Apple's lead over Samsung at the top of the US smartphone market has stretched still further, with new figures showing both companies growing their share but Apple doing so faster.

Data analyst comScore reports that Apple's market share by number of subscribers for the three-month period ended April 2013 was 39.2 percent, up 1.4 percent on the previous quarter. Second-placed Samsung, meanwhile, saw its share rise from 21.4 percent to 22 percent. Apple's lead over its rival, therefore, rose from 16.4 percentage points to 17.2.

But if Samsung will find losing ground on Apple galling, at least it's moving in the right direction. The figures make predictably gloomy reading for the rest of the major smartphone firms, with HTC, Motorola and LG - the remainder of the top five - all seeing slight declines in their share. The US smartphone market has been a two-horse for some time, but the gap between Apple and Samsung and the rest continues to widen.

US smartphone market share April 2013

Source: comScore

[Related: Good profit margins, not growing market share is best for Apple | Apple's iPad sees fall in UK market share | What the iPhone, iPad and Mac market share tell us about Apple]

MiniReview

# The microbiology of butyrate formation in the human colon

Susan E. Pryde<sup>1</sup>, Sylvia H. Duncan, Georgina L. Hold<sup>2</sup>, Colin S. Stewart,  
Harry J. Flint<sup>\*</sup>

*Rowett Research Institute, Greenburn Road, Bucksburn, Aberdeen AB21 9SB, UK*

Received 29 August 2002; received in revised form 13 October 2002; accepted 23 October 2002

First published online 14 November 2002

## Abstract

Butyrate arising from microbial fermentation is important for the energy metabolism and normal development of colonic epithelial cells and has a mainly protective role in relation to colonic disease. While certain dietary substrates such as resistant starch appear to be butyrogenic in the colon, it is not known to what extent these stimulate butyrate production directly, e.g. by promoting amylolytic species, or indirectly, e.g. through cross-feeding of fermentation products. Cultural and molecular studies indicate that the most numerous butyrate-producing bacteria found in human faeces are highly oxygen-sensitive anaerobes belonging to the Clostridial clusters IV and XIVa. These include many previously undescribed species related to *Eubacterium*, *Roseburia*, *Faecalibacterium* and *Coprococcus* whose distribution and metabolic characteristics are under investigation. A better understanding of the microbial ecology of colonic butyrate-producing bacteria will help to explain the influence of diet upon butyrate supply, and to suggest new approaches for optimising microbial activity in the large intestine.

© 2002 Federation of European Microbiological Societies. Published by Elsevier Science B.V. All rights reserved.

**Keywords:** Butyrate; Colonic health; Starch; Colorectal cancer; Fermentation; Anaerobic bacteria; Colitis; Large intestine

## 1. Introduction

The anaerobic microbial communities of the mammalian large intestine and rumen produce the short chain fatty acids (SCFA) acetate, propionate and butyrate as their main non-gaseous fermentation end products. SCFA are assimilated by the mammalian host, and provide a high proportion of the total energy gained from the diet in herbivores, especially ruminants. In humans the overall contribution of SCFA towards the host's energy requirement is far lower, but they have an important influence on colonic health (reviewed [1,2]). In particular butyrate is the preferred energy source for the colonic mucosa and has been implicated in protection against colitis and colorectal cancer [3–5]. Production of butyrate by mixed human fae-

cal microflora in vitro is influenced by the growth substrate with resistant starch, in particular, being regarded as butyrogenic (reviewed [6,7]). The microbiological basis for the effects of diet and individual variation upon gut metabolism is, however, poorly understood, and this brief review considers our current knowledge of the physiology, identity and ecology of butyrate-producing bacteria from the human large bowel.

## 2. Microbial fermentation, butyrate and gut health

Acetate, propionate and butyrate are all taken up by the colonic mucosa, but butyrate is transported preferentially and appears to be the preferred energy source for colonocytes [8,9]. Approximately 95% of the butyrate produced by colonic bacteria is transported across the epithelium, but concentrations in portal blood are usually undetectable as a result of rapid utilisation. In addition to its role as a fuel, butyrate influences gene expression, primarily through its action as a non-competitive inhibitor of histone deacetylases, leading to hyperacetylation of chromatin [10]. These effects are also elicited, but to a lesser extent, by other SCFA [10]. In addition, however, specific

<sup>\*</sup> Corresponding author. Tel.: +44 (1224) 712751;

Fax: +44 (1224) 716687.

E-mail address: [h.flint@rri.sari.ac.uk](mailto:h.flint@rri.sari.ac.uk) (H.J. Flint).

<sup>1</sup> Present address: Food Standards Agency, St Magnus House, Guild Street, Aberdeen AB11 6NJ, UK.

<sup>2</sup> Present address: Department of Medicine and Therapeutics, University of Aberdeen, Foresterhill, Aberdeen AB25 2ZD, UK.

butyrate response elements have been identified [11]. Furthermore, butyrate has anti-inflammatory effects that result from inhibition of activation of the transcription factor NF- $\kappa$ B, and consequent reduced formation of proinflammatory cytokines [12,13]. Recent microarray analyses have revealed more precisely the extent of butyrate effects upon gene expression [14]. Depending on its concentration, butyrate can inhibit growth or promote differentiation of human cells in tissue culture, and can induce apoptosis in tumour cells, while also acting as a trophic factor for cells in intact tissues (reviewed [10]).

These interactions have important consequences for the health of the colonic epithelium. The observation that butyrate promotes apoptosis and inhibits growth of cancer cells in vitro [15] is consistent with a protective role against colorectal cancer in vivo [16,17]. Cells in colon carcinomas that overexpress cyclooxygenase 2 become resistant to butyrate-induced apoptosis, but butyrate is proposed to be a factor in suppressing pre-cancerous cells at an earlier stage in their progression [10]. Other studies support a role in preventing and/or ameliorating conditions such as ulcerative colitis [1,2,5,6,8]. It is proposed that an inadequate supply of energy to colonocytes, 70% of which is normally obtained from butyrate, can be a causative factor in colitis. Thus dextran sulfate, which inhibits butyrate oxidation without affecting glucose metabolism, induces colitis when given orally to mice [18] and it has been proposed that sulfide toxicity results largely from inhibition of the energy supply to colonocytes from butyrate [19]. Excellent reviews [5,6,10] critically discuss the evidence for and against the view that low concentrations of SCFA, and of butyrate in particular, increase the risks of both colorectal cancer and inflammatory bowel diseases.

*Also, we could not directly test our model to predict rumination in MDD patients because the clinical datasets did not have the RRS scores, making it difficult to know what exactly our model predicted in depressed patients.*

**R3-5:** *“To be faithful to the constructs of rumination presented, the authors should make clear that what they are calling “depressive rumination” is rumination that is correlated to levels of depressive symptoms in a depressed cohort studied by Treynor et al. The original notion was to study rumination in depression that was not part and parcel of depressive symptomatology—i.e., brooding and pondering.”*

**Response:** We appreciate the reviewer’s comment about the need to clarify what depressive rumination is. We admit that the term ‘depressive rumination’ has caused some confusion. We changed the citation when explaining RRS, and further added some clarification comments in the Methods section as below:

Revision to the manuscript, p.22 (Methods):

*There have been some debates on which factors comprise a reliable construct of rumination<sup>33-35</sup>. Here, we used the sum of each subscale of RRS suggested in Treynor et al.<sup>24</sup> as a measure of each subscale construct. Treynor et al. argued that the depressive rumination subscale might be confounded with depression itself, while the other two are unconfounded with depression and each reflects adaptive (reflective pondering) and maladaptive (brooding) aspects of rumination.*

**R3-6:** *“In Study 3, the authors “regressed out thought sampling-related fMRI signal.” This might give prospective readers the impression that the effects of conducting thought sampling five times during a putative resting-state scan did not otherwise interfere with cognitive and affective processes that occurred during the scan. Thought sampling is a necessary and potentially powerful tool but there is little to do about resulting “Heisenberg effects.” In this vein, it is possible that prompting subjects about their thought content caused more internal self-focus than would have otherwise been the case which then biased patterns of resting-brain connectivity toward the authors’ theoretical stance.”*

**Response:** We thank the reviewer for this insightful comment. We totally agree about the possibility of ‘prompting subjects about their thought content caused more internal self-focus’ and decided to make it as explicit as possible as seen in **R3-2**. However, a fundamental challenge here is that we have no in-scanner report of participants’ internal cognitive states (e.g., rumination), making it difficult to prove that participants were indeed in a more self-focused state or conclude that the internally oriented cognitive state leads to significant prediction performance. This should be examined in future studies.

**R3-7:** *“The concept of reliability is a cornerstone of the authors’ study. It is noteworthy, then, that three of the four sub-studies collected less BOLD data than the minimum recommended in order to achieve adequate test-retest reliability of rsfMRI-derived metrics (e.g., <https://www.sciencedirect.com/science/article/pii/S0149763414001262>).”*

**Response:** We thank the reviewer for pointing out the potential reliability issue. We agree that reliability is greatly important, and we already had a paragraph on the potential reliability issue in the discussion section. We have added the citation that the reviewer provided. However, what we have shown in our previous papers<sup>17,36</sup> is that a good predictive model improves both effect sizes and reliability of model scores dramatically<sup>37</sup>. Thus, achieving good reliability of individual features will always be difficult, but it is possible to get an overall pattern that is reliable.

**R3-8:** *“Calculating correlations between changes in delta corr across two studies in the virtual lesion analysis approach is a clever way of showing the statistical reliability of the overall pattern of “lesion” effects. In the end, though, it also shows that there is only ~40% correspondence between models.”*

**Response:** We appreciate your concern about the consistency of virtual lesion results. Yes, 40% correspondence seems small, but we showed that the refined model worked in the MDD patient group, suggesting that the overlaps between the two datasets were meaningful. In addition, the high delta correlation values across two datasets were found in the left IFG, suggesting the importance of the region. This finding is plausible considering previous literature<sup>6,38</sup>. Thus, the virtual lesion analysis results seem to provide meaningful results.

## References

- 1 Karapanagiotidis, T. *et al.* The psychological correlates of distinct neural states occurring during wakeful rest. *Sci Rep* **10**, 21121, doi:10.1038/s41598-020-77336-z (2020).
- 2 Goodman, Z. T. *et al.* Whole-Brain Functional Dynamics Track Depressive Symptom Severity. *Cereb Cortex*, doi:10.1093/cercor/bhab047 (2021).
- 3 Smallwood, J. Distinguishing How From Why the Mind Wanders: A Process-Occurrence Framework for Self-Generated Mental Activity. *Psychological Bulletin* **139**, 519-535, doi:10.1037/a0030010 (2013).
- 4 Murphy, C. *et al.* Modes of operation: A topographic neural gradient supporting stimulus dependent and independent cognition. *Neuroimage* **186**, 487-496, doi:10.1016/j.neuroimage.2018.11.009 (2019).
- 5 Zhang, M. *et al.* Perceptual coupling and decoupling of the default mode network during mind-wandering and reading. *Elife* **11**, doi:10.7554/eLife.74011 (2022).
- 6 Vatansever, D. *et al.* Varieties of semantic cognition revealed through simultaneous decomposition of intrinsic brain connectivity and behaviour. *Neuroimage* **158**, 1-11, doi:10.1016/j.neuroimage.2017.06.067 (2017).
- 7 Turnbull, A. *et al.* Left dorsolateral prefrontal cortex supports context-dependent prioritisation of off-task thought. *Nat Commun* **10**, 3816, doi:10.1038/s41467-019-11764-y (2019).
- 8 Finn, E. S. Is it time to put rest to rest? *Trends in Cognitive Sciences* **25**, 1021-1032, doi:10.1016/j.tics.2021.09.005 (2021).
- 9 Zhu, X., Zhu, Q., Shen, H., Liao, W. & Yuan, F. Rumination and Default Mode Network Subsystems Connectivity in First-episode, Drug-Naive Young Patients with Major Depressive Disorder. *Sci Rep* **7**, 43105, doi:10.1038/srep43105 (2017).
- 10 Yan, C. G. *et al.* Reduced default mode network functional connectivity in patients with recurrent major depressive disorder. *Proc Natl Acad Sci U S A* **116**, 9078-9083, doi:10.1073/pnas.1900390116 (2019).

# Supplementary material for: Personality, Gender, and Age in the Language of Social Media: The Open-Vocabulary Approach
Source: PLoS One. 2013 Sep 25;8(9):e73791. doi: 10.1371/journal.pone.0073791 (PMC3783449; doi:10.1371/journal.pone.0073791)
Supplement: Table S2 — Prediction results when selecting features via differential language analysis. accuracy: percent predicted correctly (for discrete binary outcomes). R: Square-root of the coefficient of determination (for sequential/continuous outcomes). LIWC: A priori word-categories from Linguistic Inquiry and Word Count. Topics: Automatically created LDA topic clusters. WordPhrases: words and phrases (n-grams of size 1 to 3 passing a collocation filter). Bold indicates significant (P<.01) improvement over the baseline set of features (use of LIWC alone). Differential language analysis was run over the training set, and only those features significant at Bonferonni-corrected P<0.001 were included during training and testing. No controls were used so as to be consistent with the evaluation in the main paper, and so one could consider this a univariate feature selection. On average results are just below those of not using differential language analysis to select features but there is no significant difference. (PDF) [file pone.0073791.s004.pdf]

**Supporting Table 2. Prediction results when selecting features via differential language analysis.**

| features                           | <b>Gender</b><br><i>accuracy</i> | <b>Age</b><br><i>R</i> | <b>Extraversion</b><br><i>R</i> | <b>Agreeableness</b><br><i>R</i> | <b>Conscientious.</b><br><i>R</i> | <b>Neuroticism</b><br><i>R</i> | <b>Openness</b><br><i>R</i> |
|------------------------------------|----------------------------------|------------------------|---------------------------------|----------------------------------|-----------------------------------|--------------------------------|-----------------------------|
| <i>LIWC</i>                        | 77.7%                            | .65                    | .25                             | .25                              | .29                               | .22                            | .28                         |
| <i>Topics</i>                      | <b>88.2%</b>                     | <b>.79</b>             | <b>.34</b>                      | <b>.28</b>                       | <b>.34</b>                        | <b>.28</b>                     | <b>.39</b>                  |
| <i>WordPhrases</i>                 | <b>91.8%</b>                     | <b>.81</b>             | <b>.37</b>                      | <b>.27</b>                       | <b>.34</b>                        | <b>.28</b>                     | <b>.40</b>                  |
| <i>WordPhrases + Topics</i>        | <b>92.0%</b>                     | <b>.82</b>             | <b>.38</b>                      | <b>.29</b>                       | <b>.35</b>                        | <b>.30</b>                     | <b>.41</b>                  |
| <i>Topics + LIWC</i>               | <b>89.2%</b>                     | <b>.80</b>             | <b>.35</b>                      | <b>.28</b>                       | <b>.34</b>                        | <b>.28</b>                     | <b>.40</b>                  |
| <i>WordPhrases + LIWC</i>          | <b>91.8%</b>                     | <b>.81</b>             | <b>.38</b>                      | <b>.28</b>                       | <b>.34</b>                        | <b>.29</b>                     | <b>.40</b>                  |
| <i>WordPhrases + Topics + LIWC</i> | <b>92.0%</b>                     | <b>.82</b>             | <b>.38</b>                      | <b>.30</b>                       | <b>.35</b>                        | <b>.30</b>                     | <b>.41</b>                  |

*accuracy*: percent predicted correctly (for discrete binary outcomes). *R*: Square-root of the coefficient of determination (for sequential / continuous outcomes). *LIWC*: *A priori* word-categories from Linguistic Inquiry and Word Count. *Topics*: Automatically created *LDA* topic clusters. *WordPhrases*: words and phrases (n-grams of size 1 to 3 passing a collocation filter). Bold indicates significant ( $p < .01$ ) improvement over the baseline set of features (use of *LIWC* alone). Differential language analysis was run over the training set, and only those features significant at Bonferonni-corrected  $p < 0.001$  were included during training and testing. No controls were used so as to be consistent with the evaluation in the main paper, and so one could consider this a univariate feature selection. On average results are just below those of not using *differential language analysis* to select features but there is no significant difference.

The US is Apple's stronghold, of course (as you'd expect, given that it's a California-based company) and Samsung shifts more smartphones globally. Apple sees a larger profit margin per unit sold, however, and saw 57 percent of global profits in the first quarter of 2013 to Samsung's 43. (If that makes it sound like no one else made any profit at all, that's near enough true. LG did manage 1 percent of the total profit, but was offset by Motorola making a loss of a similar magnitude.)

Operating system market share

The leading smartphone operating system is still Google Android, but Apple iOS is catching up. Android, which is used on smartphones made by all four of Apple's rivals in the chart above, accounted for 52 percent of US subscribers, slightly down on the 52.3 percent in the previous quarter. Apple iOS, meanwhile rose from 37.8 to 39.2 percent. It's still 12.8 percentage points behind Android by subscriber numbers (although again, each iOS device brings in far more revenue to Apple than Android phones bring to their hardware and software makers respectively).